# Homogeneous Coordinate

In mathematics, homogeneous coordinates are a Coordinate System used in projective geometry, just as Cartesian Coordinates are used in Euclidean Geometry.

In this article: https://articulatedrobotics.xyz/4-translations/, they talk about how we use homogeneous coordinates to representation a translation as a Linear Transformation.

What I remember

I simply remember from Cyrill Stachniss that we can drop the last column when it has a value of 1. We normalize the vector by dividing by that value.

Watch the 3b1b video?

- Or cyrill stachniss video on homogenous coordinates?

When representing a point $(x,y,z)$ in 3D space using homogeneous coordinates, it is extended to $(x_{â€˛},y_{â€˛},z_{â€˛},w)$.

- $x_{â€˛},y_{â€˛}$, and $z_{â€˛}$ are obtained by scaling the original coordinates by a factor of $cw$.
- The value of w can be any non-zero value, and it represents the scaling factor applied to the coordinates

#todo I am still confused on the motivation

- https://chat.openai.com/share/a81e42db-3bc9-4898-948e-af624d24f9fc
- https://chat.openai.com/share/1dc83ae4-0dd2-40dd-a5ae-fe34f0976e73

The use of homogeneous coordinates allows for the combination of different types of transformations, such as translation, rotation, scaling, and perspective projection, into a single matrix multiplication. This is done by extending the transformation matrices to 4x4 matrices, where the additional row and column allow for the homogeneous representation.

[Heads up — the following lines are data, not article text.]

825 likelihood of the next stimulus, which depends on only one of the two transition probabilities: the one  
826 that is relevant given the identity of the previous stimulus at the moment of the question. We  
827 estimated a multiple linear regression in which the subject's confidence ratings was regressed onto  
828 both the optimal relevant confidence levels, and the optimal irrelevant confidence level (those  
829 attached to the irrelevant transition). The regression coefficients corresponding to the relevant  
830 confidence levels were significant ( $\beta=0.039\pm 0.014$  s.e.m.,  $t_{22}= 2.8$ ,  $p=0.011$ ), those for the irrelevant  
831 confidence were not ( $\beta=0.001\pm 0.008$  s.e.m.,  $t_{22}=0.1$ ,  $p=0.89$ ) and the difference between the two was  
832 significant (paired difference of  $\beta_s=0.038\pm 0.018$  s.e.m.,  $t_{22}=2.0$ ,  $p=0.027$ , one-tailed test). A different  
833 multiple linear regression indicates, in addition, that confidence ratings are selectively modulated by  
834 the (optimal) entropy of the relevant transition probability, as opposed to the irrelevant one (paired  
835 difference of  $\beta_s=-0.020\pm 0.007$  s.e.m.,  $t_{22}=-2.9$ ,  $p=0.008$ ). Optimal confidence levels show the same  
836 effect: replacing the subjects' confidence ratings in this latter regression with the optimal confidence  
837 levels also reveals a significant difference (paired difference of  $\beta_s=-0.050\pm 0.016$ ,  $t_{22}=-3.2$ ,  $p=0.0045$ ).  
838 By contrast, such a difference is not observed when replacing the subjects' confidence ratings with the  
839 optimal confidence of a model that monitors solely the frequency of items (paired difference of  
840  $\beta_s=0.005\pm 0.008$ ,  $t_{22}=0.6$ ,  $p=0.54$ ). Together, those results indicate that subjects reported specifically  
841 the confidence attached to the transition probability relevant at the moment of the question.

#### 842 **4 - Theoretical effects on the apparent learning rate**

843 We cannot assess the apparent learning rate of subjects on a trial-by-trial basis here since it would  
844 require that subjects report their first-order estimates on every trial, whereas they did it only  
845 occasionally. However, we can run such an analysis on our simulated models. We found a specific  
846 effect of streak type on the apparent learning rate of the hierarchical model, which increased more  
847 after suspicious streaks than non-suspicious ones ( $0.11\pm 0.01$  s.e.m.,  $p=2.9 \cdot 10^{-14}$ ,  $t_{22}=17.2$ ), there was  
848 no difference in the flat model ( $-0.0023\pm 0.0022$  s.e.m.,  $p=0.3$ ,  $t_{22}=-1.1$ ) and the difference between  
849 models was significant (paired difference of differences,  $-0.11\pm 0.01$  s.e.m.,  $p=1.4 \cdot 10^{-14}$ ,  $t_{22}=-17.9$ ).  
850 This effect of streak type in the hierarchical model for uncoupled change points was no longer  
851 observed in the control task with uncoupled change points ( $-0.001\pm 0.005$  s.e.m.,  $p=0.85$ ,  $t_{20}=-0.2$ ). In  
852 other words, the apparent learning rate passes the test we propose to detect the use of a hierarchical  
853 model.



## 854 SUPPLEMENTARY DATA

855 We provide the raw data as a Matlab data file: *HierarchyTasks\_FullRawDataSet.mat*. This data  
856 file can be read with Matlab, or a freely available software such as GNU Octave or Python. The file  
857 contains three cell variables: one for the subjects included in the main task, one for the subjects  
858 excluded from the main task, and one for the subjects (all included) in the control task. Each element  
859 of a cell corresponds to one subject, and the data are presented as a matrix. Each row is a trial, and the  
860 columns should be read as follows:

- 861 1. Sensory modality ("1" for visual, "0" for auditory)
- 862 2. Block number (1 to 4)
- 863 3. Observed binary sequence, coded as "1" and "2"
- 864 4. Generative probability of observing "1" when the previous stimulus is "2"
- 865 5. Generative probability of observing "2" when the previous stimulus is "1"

Ahh it makes sense. After my Nvidia interview.

See Homogeneous Linear Equation for a review of the fundamentals.

Spatial Algebra details how the homogeneous coordinates are used to do transforms.

Resources

Two great things

- Transformations expressed by matrix multiplication (SE(3))
- Points at infinity

### Normalized Coordinates (From Visual SLAM book)

I donâ€™t quite understand this.

The projection process can also be viewed from another perspective. The formula above shows that we can convert a world coordinate point to the camera coordinate system first and then remove the last dimension. The depth of the point from the imaging plane of the camera is then removed, which is equivalent to the normalization on the last dimension. In this way, we get the projection of the point $P$ on the camera **normalized plane**:

The **normalized coordinates** can be seen as a point in the $z=1$ plane in front of the camera

- Note that in the calculation, it is necessary to check whether $Z$ is positive because the negative $Z$ can also get the point on the normalized plane by this method. However, the camera does not capture the scene behind the imaging plane.

This $z=1$ plane is also called the **normalized plane**. We normalize the coordinates and then multiply them with the intrinsic matrix, yielding the pixel coordinates. We can also consider the pixel coordinates $[u,v]_{T}$ as the result of quantitative measurements on points on the normalized plane. If the camera coordinates are multiplied by any non-zero constant simultaneously, the normalized coordinates are the same, which means that the depth is lost during the projection process. So, in monocular vision, the pixelâ€™s depth value cannot be obtained by a single image.